Hold Baggage Screening

Document Type

Book Chapter


Aviation Security Company Ltd


Sidney Chau Foo-cheong


Faculty of Computing, Health and Science


School of Computer and Security Science / Security Research Centre (secAU)




This chapter was originally published as: Shanks, N. (2011). Hold baggage screening. In S. Chau(Ed.). Aviation security: Challenges and solutions (pp. 121-132). Lantau, Hong Kong: Aviation Security Company Ltd.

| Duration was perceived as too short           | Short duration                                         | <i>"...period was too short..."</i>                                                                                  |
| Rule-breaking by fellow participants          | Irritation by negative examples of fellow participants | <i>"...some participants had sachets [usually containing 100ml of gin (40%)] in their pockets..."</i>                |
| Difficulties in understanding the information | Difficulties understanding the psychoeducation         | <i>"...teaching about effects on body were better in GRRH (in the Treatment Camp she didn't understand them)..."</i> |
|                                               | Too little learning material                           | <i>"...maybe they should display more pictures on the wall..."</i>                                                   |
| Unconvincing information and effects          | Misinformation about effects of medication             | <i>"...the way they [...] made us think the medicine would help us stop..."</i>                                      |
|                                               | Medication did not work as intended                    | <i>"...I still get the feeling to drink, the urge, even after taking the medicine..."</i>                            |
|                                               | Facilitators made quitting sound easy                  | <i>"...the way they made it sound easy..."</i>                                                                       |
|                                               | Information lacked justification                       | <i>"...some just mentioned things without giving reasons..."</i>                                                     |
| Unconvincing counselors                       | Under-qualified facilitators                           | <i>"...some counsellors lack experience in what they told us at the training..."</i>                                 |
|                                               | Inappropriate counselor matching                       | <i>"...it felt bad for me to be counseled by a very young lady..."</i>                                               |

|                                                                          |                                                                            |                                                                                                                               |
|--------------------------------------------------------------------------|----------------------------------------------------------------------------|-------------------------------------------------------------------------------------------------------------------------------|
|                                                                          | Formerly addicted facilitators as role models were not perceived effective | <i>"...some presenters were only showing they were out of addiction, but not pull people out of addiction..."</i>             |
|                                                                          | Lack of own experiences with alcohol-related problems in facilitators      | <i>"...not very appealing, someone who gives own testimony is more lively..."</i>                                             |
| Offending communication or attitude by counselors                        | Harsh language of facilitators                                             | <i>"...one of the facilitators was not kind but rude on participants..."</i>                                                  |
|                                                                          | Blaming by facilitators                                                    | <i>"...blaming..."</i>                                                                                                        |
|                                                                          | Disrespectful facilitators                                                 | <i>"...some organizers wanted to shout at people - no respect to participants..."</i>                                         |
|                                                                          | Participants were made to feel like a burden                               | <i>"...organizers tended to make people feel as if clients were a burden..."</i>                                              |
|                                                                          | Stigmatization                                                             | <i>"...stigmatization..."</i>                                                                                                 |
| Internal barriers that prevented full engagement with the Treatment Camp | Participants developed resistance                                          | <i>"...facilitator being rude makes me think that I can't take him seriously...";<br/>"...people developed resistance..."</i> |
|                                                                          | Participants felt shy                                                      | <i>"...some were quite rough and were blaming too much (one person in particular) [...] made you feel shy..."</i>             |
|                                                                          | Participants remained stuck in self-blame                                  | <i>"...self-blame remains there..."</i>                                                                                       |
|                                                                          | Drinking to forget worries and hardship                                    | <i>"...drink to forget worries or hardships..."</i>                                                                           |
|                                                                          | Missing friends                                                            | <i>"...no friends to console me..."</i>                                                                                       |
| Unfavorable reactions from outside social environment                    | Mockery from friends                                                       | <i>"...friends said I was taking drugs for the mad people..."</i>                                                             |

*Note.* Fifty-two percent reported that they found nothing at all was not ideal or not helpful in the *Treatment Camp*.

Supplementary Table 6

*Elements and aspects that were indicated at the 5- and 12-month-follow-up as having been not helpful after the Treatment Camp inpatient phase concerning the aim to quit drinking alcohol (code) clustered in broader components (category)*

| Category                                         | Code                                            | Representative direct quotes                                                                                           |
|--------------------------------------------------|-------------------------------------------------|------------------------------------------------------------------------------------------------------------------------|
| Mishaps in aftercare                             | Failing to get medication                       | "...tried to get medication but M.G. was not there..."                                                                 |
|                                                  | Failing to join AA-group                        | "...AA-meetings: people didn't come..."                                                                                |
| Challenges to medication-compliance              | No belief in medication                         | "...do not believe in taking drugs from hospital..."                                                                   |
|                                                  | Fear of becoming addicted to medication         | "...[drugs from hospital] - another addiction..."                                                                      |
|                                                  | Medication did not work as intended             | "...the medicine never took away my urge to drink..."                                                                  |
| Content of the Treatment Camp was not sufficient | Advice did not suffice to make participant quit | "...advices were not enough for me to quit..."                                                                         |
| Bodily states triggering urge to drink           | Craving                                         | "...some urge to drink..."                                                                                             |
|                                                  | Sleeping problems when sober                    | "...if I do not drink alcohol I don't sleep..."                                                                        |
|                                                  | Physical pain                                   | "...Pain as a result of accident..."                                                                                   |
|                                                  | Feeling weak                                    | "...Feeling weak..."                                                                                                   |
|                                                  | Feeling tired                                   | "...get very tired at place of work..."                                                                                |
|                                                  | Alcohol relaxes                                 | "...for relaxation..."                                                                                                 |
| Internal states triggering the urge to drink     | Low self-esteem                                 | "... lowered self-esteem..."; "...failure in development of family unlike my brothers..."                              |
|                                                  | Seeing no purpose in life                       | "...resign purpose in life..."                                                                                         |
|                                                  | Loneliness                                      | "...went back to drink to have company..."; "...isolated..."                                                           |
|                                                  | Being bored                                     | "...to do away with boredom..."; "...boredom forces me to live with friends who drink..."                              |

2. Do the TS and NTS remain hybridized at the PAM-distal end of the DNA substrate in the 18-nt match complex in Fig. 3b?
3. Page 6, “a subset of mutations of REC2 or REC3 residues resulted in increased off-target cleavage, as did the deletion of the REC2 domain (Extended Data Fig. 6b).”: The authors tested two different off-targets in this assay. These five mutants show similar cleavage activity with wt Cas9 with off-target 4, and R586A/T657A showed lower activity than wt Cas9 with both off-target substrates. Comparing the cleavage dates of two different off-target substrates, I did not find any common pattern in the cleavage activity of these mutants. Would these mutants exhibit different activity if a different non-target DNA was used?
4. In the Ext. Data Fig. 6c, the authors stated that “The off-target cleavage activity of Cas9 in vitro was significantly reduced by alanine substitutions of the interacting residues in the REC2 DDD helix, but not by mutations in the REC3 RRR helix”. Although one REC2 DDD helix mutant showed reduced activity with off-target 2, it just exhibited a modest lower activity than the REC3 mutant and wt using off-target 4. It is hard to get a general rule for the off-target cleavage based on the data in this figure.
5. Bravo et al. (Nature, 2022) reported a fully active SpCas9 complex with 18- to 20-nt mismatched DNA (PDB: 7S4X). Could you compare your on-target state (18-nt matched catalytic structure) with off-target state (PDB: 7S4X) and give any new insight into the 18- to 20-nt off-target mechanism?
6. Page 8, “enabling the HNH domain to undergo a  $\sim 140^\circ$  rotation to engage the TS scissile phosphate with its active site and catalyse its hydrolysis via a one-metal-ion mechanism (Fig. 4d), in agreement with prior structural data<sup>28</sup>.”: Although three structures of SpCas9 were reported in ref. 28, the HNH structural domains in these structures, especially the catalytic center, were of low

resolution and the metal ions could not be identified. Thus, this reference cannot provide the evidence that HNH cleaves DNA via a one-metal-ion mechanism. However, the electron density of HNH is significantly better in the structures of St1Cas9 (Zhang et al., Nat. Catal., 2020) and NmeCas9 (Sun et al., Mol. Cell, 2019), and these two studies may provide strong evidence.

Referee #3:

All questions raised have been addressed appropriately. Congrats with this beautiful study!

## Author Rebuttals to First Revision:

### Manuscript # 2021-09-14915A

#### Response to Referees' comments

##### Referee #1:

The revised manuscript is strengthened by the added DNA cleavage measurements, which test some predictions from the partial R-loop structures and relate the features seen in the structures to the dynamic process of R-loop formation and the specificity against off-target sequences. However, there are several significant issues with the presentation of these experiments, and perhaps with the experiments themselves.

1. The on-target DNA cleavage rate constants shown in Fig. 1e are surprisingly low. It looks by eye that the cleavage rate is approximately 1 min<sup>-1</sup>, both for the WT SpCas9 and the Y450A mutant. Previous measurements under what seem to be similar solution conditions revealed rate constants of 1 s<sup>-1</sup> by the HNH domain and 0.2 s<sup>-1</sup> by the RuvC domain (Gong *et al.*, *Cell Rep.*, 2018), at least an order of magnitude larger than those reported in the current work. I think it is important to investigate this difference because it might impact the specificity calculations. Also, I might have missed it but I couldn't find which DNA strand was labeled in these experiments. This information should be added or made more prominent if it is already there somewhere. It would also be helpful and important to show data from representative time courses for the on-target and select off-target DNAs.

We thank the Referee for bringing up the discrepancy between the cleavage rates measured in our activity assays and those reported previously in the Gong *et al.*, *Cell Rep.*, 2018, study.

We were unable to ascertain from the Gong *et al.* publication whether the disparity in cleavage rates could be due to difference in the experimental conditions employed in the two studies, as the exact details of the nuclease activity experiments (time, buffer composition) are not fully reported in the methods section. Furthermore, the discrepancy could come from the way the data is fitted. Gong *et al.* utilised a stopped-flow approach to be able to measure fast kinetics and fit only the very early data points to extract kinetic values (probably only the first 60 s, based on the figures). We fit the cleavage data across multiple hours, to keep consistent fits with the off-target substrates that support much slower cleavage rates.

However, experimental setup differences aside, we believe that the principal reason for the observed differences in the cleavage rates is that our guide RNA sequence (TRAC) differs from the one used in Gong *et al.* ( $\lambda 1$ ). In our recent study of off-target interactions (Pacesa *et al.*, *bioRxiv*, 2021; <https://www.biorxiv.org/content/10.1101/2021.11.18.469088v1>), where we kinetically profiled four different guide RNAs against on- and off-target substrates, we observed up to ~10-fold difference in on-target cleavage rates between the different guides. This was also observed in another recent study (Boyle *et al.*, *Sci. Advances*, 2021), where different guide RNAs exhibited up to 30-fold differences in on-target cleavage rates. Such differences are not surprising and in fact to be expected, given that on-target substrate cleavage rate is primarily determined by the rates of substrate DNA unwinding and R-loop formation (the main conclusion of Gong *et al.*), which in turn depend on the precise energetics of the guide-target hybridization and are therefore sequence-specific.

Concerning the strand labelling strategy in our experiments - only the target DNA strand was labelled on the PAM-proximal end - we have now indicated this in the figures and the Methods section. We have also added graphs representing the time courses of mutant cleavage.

The genesis of the current process for 100% checked baggage screening grew out, as most security measures have, from a joint industry and government response to the terrorist attack on Pan Am flight PA 103 (Pan Am 103) over Lockerbie, Scotland on 21 December 1988. Prior to this successful attack, screening of checked baggage was limited in both scale and technical ability. Screening tended to be focused almost exclusively on flights categorised as high risk or with a temporary elevated threat due to the carriage of certain high profile passengers. Ironically the baggage destined for Pan Am 103 at Heathrow was screened in accordance with the United States Federal Aviation Administration regulations at Frankfurt airport by Pan Am’s own security company, Alert, prior to it being loaded on the feeder flight Pan Am 103A. This was a narrow bodied Boeing 727 with loose loaded baggage in the hold, whereas Pan Am 103 itself was a Boeing 747 with containerised baggage. The baggage screening was carried out at Frankfurt on both originating and transfer baggage, but not when the airline transferred the baggage tail to tail from the Pan Am 103A to the Pan Am 103 at Heathrow. Unfortunately as we now know, (and probably knew at the time but would not admit) the X-ray technologies used were neither designed nor capable of detecting explosives. The technology was effectively the same as that developed in the mid 1970s for screening carry-on baggage for weapons used in hijacking of aircraft, which in those days were typically guns or knives, certainly not explosives.